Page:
Check your lease: Your rental agreement should spell out when and how to notify the landlord of problems with your house or apartment. For example, you may be required to communicate with a management company, rather than the property owner.
Written notification: Go ahead and make phone calls or send emails, but always follow up in writing. Take good notes every time you call, including the date and time, whom you spoke with, and what you discussed. Save printed copies of your emails, and any responses.
Although telephone calls and emails can get the ball rolling, a certified letter is the best way to prove the landlord knew about the problem. Your letter should detail the dangerous condition. Explain your concerns about the potential harm it may cause to you and others.
Send your letter certified mail, return receipt requested. Also, send a copy via regular mail. Keep copies of your letter and save the receipt postcard when it comes back.
Unless the condition is so dangerous as to require immediate attention, give your landlord a reasonable amount of time to make repairs. Anywhere from a week to 30 days is usually enough.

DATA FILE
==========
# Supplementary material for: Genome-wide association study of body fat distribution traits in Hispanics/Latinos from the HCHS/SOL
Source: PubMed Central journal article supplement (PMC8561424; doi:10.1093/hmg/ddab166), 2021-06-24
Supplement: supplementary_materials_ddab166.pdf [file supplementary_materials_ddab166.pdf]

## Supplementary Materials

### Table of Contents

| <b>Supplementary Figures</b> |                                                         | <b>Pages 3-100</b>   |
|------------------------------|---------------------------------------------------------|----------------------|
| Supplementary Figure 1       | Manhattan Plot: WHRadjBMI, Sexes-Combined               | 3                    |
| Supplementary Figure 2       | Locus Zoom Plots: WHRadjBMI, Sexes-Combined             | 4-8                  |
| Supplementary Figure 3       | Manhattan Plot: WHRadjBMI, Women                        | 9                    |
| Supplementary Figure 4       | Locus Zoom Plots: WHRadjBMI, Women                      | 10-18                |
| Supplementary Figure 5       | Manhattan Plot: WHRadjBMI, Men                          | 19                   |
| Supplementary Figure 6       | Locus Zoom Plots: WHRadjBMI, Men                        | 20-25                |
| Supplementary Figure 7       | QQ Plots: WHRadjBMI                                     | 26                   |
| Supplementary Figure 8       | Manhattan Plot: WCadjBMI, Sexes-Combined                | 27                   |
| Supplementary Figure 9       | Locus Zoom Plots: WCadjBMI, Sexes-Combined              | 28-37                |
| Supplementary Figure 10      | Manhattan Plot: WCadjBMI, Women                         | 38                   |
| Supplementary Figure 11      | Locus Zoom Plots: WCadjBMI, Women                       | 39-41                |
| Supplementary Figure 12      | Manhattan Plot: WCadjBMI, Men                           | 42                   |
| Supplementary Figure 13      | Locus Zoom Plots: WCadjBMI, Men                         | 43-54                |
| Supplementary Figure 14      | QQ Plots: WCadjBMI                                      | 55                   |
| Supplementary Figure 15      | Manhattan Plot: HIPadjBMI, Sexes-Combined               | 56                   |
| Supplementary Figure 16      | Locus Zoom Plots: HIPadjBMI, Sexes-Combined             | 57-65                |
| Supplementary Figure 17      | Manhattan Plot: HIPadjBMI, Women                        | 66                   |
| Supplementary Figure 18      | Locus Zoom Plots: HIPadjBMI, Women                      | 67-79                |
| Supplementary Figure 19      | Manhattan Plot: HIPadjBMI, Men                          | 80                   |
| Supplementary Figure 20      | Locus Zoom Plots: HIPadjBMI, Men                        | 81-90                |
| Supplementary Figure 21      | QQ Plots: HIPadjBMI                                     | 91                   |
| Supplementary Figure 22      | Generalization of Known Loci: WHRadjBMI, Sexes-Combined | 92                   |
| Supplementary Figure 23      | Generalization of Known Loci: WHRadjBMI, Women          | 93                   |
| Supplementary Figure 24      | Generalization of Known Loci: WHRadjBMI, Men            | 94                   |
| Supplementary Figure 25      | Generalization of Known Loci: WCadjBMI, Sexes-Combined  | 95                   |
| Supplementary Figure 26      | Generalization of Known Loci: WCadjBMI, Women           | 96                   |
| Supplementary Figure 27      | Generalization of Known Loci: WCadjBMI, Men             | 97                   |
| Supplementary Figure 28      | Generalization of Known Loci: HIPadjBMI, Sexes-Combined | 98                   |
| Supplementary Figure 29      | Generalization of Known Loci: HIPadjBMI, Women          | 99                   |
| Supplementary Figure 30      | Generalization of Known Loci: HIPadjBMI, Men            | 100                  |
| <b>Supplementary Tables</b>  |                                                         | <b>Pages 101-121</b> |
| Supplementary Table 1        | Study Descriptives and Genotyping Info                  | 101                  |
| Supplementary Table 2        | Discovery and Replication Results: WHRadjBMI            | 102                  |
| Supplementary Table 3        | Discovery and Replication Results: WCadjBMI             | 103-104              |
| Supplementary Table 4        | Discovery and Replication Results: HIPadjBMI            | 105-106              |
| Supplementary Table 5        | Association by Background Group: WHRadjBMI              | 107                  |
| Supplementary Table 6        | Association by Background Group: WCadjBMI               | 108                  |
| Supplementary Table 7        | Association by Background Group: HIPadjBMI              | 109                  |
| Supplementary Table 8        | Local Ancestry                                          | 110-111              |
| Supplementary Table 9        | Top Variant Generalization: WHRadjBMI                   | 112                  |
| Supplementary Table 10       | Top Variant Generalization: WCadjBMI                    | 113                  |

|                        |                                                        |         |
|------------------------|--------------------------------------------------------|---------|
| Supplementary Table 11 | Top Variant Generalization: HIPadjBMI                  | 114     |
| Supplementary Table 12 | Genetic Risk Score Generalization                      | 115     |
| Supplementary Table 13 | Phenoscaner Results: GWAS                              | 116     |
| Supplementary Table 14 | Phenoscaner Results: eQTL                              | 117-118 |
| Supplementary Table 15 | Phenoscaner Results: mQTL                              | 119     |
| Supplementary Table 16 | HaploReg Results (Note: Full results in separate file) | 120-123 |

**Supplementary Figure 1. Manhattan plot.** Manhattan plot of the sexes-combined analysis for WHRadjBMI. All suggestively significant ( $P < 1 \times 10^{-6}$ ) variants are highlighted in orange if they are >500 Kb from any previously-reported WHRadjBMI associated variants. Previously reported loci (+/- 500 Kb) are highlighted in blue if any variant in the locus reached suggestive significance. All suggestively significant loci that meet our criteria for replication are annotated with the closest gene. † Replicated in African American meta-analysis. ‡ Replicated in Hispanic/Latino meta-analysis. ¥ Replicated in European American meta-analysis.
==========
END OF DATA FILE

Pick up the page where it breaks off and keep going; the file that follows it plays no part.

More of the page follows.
State and County Landlord-Tenant Affairs
When you’ve notified your landlord of a problem, and the problem isn’t resolved in a reasonable amount of time, you can ask for help from local agencies.
Many states and counties have an Office of Landlord-Tenant Affairs (OLTA) to help both sides understand your rights as a tenant and the landlord’s obligations when it comes to rent payments, security deposits, property inspections, and maintaining the property in a safe and healthy condition.
Your state’s Attorney General’s Office may offer easy-to-understand information for tenants, and advice for handling safety issues.
Most large counties, especially in urban areas, have a robust OLTA with counselors who can help you file a complaint, and may have the authority to penalize a landlord who fails to follow the rules.
Help for Public Housing Issues
Residents in HUD and government-assisted housing can call the Multifamily Housing Complaint Line to get help with property management complaints, issues of health and safety, and to report property management fraud.
If you’re not a tenant, learn how to file a claim for injuries in a Government Housing Project.
If you can’t find safe and affordable housing, contact your local HUD agency for public housing assistance or information on housing choice vouchers.
Your Landlord’s Insurance Company
If you were hurt in your house, apartment or the common area of your housing complex, you have to deal with your landlord’s insurance company. The problem is if your landlord hasn’t cooperated so far, there’s a good chance they’re not going to start now.